Monday, March 01, 2010

Polychrome Sculpture

Immaculate Conception
c. 1628
Juan Martínez Montañés (attrib.)

polychromed wood
Church of the Anunciación, Seville University

The Sacred Made Real: Spanish Painting and Sculpture, 1600–1700
February 28–May 31, 2010
National Gallery of Art, Washington, DC

Dramatic Expression of Spanish Baroque

This painted and gilded lifesize wood figure, Saint John of the Cross, was carved by Francisco Antonio Gijón and painted, it's thought, by Domingo Mejías, c. 1675. Gijón was a sculptor from Seville who was known for his ability to carve dramatic works with intense expression. He was only 21 when he was awarded the commission for this sculpture and he completed it in about six weeks!

My work preparing me for the Caravaggio Pilgrimage in Rome has me immersed in the transition from Mannerism to Baroque. So I was delighted to learn of the Spanish Baroque exhibit that just opened in Washington DC.

Spanish Baroque art expressed the religious fervor of the Counter-Reformation in spades -- and some arrestingly real polychrome sculptures and paintings were produced.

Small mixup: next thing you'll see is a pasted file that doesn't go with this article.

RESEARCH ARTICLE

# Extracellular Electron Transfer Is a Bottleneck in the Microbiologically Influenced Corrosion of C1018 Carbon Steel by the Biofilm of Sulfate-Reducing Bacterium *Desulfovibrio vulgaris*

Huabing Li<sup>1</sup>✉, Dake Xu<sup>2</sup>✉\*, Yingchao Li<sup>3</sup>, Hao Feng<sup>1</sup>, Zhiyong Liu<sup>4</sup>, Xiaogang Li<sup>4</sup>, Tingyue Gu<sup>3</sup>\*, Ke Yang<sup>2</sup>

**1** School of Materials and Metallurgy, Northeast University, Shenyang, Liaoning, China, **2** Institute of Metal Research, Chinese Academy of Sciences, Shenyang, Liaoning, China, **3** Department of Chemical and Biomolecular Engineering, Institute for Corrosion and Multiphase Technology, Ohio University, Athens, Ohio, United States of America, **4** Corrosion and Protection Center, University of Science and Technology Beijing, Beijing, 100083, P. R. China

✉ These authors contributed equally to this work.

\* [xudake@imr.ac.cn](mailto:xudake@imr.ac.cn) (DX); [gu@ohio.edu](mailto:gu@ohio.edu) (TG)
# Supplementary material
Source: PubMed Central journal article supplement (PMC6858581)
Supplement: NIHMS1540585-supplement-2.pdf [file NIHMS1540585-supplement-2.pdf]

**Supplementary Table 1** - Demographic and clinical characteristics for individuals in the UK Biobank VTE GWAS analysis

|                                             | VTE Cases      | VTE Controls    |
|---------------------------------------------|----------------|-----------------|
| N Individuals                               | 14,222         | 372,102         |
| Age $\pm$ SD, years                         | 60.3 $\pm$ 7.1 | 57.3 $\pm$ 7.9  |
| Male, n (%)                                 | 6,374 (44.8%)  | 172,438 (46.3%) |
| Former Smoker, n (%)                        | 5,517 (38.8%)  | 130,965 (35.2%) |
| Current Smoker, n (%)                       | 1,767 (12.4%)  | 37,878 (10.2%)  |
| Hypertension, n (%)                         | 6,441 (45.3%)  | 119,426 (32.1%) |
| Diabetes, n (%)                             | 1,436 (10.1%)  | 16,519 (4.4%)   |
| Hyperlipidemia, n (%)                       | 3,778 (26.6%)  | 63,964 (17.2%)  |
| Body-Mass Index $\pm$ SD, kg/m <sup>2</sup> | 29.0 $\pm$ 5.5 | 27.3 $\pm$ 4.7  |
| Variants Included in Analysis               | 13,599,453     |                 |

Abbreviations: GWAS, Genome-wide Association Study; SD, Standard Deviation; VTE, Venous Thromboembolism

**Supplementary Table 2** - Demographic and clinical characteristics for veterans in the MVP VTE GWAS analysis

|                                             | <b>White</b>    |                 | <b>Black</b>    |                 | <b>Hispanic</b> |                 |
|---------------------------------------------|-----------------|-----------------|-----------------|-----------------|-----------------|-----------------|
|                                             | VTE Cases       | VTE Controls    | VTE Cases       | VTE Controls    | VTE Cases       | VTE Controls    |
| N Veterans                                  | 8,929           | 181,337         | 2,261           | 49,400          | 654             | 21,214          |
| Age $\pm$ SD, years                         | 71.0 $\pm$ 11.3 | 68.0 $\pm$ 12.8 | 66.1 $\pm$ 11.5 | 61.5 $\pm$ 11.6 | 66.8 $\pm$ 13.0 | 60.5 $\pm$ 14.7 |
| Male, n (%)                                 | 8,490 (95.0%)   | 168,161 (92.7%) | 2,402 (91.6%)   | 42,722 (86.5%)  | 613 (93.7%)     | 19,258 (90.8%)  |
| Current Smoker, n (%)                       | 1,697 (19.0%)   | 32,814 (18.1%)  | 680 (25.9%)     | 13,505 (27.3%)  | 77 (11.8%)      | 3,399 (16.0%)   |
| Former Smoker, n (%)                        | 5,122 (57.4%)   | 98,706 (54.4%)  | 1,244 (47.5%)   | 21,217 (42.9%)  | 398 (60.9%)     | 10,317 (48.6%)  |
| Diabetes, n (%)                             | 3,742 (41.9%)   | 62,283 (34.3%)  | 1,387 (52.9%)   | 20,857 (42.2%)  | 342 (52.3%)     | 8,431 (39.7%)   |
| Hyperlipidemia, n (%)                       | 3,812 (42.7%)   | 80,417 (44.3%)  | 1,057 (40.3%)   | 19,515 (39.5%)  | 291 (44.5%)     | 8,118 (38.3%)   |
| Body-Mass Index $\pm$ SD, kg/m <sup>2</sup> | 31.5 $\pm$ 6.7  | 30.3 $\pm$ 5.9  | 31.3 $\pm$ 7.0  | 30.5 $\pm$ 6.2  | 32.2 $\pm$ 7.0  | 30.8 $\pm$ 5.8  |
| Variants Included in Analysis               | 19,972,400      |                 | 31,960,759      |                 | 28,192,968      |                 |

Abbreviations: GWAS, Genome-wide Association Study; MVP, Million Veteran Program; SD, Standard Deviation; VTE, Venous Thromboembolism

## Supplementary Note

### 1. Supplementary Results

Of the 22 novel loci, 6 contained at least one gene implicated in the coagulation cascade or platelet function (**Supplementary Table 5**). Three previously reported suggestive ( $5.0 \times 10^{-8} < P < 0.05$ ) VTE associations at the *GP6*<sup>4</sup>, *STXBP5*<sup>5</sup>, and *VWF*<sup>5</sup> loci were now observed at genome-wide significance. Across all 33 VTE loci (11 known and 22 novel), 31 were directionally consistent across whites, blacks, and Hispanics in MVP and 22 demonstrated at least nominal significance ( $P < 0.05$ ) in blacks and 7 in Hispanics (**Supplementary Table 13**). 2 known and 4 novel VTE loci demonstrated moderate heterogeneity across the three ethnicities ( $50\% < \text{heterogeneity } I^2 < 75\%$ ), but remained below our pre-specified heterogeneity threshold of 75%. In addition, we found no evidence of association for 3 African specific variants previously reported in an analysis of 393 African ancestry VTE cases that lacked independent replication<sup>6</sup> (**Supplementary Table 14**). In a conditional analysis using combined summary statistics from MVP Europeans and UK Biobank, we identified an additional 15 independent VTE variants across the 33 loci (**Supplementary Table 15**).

About 20 Spanish masterpieces of the 17th century are now on view in a fabulous exhibition at the National Gallery of Art in Washington DC. The Sacred Made Real: Spanish Painting and Sculpture, 1600–1700 will showcase major paintings by Diego Velázquez, Francisco de Zurbarán, and Francisco Pacheco, as well as painted and gilded polychrome sculptures carved by Gregorio Fernández, Juan Martínez Montañés, and Pedro de Mena, among others.

The exhibition makes it possible to see the dynamic and intricate relationship between two-dimensional pictures on canvas and painted sculptures. Many of the sculptures have never been exhibited away from the Spanish churches, convents, and monasteries where they continue to be venerated by the Catholic faithful.